Sentinel phases would upgrade area south of Fillmore, developer says

       Meeting with representatives of 14 nearby neighborhood associations Feb. 10, Sunrise Company President Dirk Gosda outlined a development vision for its undeveloped “Sentinel Ridge” property south of Fillmore Street and east of Mesa Road.

A view from the Sentinel Ridge property, looking northwest toward Coronado High and the Springs Utilities water tower, with the units off Grand Vista Circle at right (where the main access would be).
Westside Pioneer photo

       The Sunrise Company owns 134 acres in that area. Plans presented at the meeting call for 286 houses on 60 of those acres in four phases - the first being the controversial Sentinel Ridge-West proposal that's been approved by Planning Commission but is on appeal before City Council - and leaving the remainder of the rugged, rolling terrain as private open space. Gosda expressed a desire to help upgrade that area as a whole, including laying in better trail connections, building a “significant, active park” and, if possible, facilitating the completion of the partially finished Centennial Boulevard extension between Fillmore Street and the Fontanero Street/I-25 interchange. Sunrise does not own up to Centennial, but has looked into land opportunities there, and the company stance is that putting the road through would benefit properties it owns as well as the city in general, he said.
       The Sentinel Ridge vision was part of a 2 ½-hour discussion on the Sunrise Company's overall development plans for the Mesa. Within a roughly 2-by-3-mile area that was first masterplanned 27 years ago, Sunrise has built or foresees building a total of 682 homes on 21 development sites, Gosda said. Of these, all but Sentinel Ridge's four phases and the proposed Cathedral Ridge (east of Mesa Road, just south of the Garden of the Gods Club) are inside the gates of the existing Kissing Camels gated community.
       Gosda emphasized that the 682 homes compares with the 1,612 that Sunrise could have built on the same sites, based on the master plan. Sentinel's four phases are particularly reduced in density, from the allowable 948 homes (15.8 units per acre) to the currently proposed 286 (4.77 per acre). The only development site which would have density higher than what's in the master plan is Cathedral Ridge (previously 77 units). It is now set at 119, but could drop to 110, Gosda said.
       The Sunrise Company bought the master-planned area two years ago from the Hill family, which had already developed about half of it, including Kissing Camels, its golf course and the Garden of the Gods Club. The multi-state company builds its own houses, but focuses on higher-end designs and is not a “production builder” like some in town, Gosda asserted. He gave the price range as between about $390,000 and $1 million.
       In answer to a question. Gosda could not say whether he would seek to remove the hillside or streamside overlay from future Sentinel phases, as he did for Phase 1. This has been the main impetus for two Mesa neighborhood associations appealing the Planning Commission approval to City Council. Though disputed by neighbors, Gosda believes he needs the removal to make room for homes (as much as 25 feet of fill in places); and, with city demands for project-impact mitigation costing $800,000 (including new Fillmore and Mesa sidewalks, Mesa Road turn lanes, trail upgrades and a new access configuration for neighboring Holmes Middle School), it will still be a struggle to come out ahead financially. “The last thing I want to do is get approval for something I can't build,” he said.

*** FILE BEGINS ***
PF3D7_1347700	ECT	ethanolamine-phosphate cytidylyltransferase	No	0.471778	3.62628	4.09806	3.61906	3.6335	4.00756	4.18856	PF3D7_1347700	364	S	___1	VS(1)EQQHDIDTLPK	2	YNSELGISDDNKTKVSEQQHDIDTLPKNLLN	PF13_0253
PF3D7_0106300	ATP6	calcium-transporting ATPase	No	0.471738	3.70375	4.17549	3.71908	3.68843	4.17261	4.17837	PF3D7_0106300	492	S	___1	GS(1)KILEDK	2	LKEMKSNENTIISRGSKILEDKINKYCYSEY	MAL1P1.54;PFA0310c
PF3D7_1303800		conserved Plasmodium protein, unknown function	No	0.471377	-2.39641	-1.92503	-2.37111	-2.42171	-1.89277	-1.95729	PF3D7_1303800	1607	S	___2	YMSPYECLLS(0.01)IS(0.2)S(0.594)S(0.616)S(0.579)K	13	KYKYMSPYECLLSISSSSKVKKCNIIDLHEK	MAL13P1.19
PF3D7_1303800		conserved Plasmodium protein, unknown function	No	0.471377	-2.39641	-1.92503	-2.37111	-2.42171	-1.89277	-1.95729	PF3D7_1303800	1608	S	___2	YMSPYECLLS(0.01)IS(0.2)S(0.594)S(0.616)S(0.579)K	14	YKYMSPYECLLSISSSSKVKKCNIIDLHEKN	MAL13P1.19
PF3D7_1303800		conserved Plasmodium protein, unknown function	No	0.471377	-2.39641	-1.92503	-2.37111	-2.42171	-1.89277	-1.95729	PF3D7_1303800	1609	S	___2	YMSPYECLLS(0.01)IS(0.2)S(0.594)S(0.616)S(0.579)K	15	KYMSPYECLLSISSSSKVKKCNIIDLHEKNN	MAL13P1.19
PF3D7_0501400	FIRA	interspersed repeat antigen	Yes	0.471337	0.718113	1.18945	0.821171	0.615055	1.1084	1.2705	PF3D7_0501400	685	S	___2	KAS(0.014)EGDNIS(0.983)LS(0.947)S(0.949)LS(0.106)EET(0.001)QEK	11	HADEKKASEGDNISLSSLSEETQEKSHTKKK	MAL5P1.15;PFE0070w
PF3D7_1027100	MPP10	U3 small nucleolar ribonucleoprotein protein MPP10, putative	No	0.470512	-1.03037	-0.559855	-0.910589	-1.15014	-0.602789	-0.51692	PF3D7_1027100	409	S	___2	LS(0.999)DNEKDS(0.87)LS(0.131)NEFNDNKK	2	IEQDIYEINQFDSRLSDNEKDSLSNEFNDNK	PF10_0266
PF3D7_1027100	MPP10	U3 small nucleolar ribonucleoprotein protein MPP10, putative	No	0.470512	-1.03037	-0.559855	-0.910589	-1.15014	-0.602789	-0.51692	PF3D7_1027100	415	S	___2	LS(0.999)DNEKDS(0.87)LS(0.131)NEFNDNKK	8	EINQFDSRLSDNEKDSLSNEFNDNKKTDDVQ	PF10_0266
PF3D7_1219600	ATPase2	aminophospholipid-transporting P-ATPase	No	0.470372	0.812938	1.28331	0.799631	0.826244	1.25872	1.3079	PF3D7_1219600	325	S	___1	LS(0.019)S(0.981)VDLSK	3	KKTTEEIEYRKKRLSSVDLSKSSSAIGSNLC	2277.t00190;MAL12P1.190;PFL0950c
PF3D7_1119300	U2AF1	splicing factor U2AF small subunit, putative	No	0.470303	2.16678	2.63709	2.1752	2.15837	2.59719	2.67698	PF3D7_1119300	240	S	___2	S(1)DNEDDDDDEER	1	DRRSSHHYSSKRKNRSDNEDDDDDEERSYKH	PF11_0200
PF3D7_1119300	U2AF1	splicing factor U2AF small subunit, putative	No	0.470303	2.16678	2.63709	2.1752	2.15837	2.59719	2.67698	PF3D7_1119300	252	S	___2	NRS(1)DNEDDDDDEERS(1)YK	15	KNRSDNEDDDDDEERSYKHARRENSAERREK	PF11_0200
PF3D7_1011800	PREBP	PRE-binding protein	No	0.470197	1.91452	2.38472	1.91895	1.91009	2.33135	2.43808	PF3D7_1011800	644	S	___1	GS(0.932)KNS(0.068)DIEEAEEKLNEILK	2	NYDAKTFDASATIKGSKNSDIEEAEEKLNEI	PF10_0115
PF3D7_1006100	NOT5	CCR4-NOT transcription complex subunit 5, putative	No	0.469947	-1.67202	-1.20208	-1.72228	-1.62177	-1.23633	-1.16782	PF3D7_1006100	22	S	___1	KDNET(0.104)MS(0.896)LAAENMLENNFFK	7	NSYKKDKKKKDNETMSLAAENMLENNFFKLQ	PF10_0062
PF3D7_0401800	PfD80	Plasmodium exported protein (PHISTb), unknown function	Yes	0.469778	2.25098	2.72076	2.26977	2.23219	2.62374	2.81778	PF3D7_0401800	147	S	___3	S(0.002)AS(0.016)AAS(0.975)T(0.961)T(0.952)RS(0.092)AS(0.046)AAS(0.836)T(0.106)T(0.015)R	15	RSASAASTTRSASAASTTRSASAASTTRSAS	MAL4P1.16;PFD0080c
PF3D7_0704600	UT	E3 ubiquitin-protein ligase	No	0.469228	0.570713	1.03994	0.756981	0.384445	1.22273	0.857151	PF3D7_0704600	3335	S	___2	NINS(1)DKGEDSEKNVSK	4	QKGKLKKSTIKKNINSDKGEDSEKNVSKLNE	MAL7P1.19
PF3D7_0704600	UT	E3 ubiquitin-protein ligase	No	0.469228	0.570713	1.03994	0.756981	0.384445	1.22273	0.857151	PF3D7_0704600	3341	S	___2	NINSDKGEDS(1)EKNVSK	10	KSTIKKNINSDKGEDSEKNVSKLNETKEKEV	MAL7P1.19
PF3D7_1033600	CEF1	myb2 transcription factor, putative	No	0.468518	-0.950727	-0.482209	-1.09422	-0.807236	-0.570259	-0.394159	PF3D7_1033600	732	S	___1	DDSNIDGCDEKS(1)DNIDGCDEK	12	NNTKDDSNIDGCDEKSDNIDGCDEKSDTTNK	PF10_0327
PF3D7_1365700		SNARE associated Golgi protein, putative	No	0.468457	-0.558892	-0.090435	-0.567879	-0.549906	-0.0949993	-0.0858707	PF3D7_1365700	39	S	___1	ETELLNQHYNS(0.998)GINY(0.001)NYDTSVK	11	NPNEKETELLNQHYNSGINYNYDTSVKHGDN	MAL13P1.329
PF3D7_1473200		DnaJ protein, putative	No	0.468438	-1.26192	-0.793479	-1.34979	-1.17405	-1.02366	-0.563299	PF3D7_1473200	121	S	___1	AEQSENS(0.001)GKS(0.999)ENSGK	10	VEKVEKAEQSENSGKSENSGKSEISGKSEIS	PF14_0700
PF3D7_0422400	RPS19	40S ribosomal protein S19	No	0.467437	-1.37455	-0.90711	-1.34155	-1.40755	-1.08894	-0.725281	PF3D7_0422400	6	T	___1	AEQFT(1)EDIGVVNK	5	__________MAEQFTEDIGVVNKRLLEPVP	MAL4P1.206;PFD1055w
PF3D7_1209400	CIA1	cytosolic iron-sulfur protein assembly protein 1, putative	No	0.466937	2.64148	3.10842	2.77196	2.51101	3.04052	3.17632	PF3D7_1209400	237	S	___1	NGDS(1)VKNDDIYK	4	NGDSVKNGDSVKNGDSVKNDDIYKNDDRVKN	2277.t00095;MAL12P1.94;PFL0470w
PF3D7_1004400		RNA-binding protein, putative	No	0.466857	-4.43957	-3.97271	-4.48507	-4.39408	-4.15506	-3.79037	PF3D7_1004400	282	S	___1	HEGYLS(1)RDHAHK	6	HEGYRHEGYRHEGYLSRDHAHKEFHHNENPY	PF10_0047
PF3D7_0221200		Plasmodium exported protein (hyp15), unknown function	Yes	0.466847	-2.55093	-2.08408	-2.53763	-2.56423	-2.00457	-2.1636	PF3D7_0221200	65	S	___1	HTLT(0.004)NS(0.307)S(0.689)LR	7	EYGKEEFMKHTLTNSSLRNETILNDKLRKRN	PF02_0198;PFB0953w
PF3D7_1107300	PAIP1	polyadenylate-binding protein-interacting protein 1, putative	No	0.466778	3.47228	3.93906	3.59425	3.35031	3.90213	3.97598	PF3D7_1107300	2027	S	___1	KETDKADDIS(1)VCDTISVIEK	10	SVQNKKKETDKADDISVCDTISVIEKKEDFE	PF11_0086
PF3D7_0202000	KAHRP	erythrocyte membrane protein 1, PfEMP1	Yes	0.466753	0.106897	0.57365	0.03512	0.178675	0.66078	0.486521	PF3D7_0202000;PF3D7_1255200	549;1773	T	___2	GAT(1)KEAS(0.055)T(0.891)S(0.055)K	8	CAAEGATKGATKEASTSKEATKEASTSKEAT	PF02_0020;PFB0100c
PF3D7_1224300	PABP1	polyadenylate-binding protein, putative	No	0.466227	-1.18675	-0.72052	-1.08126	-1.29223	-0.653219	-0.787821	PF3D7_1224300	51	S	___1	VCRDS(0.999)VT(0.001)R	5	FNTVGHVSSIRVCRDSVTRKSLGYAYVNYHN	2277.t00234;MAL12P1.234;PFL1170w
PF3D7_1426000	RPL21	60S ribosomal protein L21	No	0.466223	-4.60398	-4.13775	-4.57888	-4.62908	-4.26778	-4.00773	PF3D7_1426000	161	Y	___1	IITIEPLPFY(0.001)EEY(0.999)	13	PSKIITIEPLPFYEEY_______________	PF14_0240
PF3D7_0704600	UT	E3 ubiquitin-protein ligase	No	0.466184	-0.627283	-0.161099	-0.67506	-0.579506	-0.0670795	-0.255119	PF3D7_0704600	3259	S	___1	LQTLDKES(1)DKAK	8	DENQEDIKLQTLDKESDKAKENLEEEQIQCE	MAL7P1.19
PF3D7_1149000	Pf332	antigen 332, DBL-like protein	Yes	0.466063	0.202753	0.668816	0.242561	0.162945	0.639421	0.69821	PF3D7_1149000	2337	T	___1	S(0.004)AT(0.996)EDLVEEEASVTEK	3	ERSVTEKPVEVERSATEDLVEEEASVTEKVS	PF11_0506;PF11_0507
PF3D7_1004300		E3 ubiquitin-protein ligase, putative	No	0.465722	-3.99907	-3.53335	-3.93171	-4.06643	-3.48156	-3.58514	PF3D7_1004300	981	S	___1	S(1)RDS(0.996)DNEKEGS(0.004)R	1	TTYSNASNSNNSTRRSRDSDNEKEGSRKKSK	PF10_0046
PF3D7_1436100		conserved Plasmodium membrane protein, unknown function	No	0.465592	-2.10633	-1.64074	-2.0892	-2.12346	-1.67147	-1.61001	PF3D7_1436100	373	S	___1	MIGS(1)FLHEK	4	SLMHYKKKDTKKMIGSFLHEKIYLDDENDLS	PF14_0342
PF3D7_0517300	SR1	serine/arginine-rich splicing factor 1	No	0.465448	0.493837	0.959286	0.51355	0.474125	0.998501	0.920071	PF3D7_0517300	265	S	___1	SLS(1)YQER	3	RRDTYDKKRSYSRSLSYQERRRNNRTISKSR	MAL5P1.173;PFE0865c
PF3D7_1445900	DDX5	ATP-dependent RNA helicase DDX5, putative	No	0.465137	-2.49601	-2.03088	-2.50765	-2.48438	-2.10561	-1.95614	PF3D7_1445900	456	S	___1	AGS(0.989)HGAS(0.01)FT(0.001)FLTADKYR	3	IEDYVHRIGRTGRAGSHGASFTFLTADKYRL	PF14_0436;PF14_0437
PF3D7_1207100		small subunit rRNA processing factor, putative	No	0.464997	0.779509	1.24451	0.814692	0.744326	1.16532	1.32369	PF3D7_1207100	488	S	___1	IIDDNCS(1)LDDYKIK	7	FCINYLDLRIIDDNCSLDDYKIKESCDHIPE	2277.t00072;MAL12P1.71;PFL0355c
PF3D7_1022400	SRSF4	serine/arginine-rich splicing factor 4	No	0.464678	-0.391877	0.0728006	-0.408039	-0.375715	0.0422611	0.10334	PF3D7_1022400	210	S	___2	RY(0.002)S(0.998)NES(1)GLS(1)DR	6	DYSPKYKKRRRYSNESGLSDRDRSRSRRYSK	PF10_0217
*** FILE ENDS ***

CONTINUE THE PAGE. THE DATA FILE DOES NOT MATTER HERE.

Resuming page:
George Maentz heads up one of the Mesa Road-area associations that appealed Sentinel to City Council. He said afterward, “At least Dirk was candid last night when he said that removing [hillside and streamside overlay zones] in this phase of the plan was about profit. I don't begrudge him that but will find it disheartening if the city craters on principles/ordinances because he baits them with a million dollars worth of improvements.” He added that he hopes to meet with Gosda about a site reconfiguration he has drawn up that he believes would allow Sunrise its desired density without having to remove the hillside overlay.
       Another Sentinel-related topic at the meeting was the proposed new Holmes access. Gosda and his consultants have met with the city, school and neighborhood representatives to develop a plan that could alleviate the twice-daily traffic gridlock when school starts and ends. In the new plan, which appeared to be generally acceptable to most of the roughly 75 people in attendance, cars could enter and leave from the current in-only access at the north end of the school and could drop students off at the rear (northeast side) of the school.
       Other issues that came up at the meeting included slope stability in Sentinel-West (a geologic study indicates no past slippage but some neighbors were dubious because of such problems on nearby properties) and traffic in general on Mesa Road (Gosda said studies show his developments would add just seven vehicles per hour).
       The meeting had been requested by the Council of Neighbors and Organizations (CONO). CONO President Dave Munger said afterward the group plans to take no official stance. “Our role was basically to facilitate a meeting that allowed all affected neighborhoods to obtain a comprehensive view of Sunrise Co.'s plans, in order that the neighborhoods could determine if and where they have common concerns,” he said. “In my view, the meeting was successful from that standpoint.”

Westside Pioneer article